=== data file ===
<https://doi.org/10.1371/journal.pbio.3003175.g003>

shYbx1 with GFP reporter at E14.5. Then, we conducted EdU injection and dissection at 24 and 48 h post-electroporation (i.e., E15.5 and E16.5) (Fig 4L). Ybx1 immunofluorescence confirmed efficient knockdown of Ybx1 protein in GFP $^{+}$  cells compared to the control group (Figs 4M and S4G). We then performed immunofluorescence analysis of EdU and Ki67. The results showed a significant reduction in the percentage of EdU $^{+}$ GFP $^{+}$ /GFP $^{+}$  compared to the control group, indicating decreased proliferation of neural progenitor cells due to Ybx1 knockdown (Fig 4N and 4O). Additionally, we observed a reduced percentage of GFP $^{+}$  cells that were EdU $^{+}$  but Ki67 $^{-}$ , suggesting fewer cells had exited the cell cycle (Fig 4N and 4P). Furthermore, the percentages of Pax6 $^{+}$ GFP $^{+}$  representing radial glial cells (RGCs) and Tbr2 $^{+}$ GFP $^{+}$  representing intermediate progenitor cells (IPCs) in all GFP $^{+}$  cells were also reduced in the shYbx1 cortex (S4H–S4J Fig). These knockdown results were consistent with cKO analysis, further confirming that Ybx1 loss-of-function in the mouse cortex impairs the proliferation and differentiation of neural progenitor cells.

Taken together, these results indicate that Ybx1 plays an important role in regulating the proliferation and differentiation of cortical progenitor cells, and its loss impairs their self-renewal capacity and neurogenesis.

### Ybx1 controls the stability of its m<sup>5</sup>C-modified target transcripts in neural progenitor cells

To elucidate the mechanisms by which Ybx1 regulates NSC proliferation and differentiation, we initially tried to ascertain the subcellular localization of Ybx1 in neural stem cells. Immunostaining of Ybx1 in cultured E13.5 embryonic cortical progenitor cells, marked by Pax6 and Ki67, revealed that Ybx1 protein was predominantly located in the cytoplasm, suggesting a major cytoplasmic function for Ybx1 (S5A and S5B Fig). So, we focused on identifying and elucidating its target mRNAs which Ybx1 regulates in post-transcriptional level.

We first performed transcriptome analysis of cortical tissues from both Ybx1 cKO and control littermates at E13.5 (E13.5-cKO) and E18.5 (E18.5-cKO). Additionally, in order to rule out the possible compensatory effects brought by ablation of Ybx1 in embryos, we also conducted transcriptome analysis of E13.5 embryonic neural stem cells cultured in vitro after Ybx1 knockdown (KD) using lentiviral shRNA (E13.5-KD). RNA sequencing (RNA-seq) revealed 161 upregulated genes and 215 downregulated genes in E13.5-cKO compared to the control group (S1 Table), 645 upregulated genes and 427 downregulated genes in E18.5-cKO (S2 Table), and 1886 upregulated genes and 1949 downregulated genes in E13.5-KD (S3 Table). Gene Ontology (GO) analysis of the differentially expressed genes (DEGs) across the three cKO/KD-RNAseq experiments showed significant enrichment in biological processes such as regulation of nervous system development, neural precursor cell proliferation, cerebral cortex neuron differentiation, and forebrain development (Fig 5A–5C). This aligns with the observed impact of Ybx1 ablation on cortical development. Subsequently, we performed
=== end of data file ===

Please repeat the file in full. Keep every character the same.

<https://doi.org/10.1371/journal.pbio.3003175.g003>

shYbx1 with GFP reporter at E14.5. Then, we conducted EdU injection and dissection at 24 and 48 h post-electroporation (i.e., E15.5 and E16.5) (Fig 4L). Ybx1 immunofluorescence confirmed efficient knockdown of Ybx1 protein in GFP $^{+}$  cells compared to the control group (Figs 4M and S4G). We then performed immunofluorescence analysis of EdU and Ki67. The results showed a significant reduction in the percentage of EdU $^{+}$ GFP $^{+}$ /GFP $^{+}$  compared to the control group, indicating decreased proliferation of neural progenitor cells due to Ybx1 knockdown (Fig 4N and 4O). Additionally, we observed a reduced percentage of GFP $^{+}$  cells that were EdU $^{+}$  but Ki67 $^{-}$ , suggesting fewer cells had exited the cell cycle (Fig 4N and 4P). Furthermore, the percentages of Pax6 $^{+}$ GFP $^{+}$  representing radial glial cells (RGCs) and Tbr2 $^{+}$ GFP $^{+}$  representing intermediate progenitor cells (IPCs) in all GFP $^{+}$  cells were also reduced in the shYbx1 cortex (S4H–S4J Fig). These knockdown results were consistent with cKO analysis, further confirming that Ybx1 loss-of-function in the mouse cortex impairs the proliferation and differentiation of neural progenitor cells.

Taken together, these results indicate that Ybx1 plays an important role in regulating the proliferation and differentiation of cortical progenitor cells, and its loss impairs their self-renewal capacity and neurogenesis.

### Ybx1 controls the stability of its m<sup>5</sup>C-modified target transcripts in neural progenitor cells

To elucidate the mechanisms by which Ybx1 regulates NSC proliferation and differentiation, we initially tried to ascertain the subcellular localization of Ybx1 in neural stem cells. Immunostaining of Ybx1 in cultured E13.5 embryonic cortical progenitor cells, marked by Pax6 and Ki67, revealed that Ybx1 protein was predominantly located in the cytoplasm, suggesting a major cytoplasmic function for Ybx1 (S5A and S5B Fig). So, we focused on identifying and elucidating its target mRNAs which Ybx1 regulates in post-transcriptional level.

We first performed transcriptome analysis of cortical tissues from both Ybx1 cKO and control littermates at E13.5 (E13.5-cKO) and E18.5 (E18.5-cKO). Additionally, in order to rule out the possible compensatory effects brought by ablation of Ybx1 in embryos, we also conducted transcriptome analysis of E13.5 embryonic neural stem cells cultured in vitro after Ybx1 knockdown (KD) using lentiviral shRNA (E13.5-KD). RNA sequencing (RNA-seq) revealed 161 upregulated genes and 215 downregulated genes in E13.5-cKO compared to the control group (S1 Table), 645 upregulated genes and 427 downregulated genes in E18.5-cKO (S2 Table), and 1886 upregulated genes and 1949 downregulated genes in E13.5-KD (S3 Table). Gene Ontology (GO) analysis of the differentially expressed genes (DEGs) across the three cKO/KD-RNAseq experiments showed significant enrichment in biological processes such as regulation of nervous system development, neural precursor cell proliferation, cerebral cortex neuron differentiation, and forebrain development (Fig 5A–5C). This aligns with the observed impact of Ybx1 ablation on cortical development. Subsequently, we performed